By Tim Esterdahl
If you visit any Toyota Tacoma forum, there is usually at least one thread discussing the build quality of the current generation versus previous models. For many, the location of where the pickup truck is built remains a point of discussion (some wish it was still built in California, others want it to go back to Japan). However, what if robots are to blame?
According to Automotive News, Toyota says it is changing its production methods. Instead of adding more robots — the industry trend — Toyota is adding more humans. The idea is humans are better at spotting issues and improving the production process.
Toyota plants used to have many craftsmen skilled in the ways of building automobiles and improving production. Over time these "gods," or "Kami-sama," were lost due increased reliance on robots. But that might be changing. Toyota intends to grow a new workforce of skilled craftsmen.
The use of humans to improve production is actually a fundamental part of "kaizen," popularly known as continuous improvement and otherwise known as the Toyota way. This production philosophy was a big part of the reason why the Toyota brand became synonymous with quality for many years. In many cases, craftsmen would suggest production improvements, and the changes would happen quickly instead of taking months and/or years to be implemented. This resulted in a better overall quality through direct and immediate feedback from the production team.
During the massive growth of Toyota around the turn of the century, production moved away from people in favor of robots. These robots certainly allowed Toyota to increase production; however, there may have also been a greater cost. Critics of Toyota, and even Toyota's current President Aiko Toyoda, point to the growth and production changes as the underlying problem behind the unintended acceleration issue and how solutions and information were disseminated.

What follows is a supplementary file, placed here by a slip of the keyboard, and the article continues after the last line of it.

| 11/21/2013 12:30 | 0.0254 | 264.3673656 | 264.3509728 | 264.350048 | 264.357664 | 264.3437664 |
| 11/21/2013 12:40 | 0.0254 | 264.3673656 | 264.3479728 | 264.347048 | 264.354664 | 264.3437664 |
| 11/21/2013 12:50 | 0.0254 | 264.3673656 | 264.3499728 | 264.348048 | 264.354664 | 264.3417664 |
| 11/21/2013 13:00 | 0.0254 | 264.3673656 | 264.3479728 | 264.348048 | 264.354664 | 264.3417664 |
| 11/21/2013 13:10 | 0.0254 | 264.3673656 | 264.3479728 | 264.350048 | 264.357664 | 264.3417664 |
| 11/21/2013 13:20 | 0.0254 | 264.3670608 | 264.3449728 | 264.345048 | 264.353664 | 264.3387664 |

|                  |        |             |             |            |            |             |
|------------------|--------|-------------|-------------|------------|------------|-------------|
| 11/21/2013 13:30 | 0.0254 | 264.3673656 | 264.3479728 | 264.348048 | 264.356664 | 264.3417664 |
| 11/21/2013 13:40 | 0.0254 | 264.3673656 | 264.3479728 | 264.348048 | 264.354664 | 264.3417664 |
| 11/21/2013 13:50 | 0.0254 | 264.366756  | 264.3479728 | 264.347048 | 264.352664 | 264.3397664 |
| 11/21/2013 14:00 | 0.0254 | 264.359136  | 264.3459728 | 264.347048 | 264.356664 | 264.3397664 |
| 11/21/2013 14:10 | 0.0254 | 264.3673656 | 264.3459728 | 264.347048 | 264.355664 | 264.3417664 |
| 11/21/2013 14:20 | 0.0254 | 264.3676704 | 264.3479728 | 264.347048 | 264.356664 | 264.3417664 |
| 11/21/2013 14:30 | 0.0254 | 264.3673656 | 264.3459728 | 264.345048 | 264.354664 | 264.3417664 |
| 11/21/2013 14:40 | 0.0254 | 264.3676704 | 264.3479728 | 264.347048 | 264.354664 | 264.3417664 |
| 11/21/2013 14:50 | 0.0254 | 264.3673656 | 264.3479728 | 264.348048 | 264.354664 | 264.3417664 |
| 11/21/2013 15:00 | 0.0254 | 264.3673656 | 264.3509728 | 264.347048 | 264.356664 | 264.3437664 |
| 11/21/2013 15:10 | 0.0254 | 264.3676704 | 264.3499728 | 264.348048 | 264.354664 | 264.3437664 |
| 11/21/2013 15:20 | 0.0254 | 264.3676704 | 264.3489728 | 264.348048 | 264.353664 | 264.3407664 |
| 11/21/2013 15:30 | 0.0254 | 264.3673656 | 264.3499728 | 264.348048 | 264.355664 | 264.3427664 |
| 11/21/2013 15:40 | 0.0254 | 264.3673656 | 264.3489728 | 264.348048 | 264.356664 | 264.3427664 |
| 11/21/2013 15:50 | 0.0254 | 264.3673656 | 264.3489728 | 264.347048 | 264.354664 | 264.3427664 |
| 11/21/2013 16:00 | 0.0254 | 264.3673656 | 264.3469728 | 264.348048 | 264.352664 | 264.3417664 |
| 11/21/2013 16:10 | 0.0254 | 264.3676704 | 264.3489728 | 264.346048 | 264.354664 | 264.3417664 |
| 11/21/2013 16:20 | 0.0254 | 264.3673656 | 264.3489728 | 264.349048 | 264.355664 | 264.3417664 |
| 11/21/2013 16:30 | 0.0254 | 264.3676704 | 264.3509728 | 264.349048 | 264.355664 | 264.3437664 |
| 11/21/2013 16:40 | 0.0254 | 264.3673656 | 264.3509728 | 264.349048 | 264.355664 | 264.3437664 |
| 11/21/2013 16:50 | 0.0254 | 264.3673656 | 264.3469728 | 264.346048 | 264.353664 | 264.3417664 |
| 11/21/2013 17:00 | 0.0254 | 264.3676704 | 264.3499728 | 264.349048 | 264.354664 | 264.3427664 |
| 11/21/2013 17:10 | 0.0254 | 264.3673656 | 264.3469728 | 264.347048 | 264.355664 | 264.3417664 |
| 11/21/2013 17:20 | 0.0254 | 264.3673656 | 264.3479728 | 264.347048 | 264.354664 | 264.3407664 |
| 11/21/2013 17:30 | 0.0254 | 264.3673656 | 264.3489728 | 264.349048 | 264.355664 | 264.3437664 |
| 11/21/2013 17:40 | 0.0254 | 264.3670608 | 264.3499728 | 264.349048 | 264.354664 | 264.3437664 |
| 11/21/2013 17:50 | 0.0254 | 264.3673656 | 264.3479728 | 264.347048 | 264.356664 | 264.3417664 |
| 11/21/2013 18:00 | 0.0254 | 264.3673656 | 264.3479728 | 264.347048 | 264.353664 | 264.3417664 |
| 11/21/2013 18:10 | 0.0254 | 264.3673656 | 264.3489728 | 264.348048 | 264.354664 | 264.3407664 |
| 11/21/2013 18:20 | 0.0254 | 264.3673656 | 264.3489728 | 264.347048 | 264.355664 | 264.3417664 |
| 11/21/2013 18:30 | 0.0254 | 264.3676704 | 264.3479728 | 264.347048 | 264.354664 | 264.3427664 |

With production changing and Toyoda's desire to return to a focus on quality, Toyota has also announced a three-year freeze on building new car plants. This should potentially give the company sufficient time to make changes.
Many Tacoma forums, like TacomaWorld.com, have noted a drop in quality in the second-generation pickup as a result of the decision to change production locations several years ago. The truck was first built in Fremont, Calif., before being moved to San Antonio, Texas. Some say the trucks built in California had fewer issues than those built in San Antonio. The reality is more likely that those issues have little to do with location, but rather more to do with timing.
The second-generation Tacoma was conceived and built during the previously mentioned massive Toyota growth period. During this period when robots replaced humans, Toyota was focused on being the No. 1 automaker in the world and less about being the automaker with the highest quality. So could it be that robots are to blame for quality concerns about the Tacoma? Certainly Toyota seems to be implying yes, but experts like J.D. Power don't necessarily have the data to support that thesis yet.
If the craftsmen had played a larger role in the current-gen Tacoma, it makes sense that the truck would likely have a higher quality record. But don't get us wrong. We aren't saying the Tacoma has poor quality. Rather, there seems to be a large group of midsize Toyota truck fans out there who believe the drop in quality between the Toyota pickups of the 1980s and the current generation of Toyota pickups are happening for a reason. And they may have a point.
In the end, we won't know the full impact of Toyota's production switch and process improvements for several years. No doubt, there will be more data to come.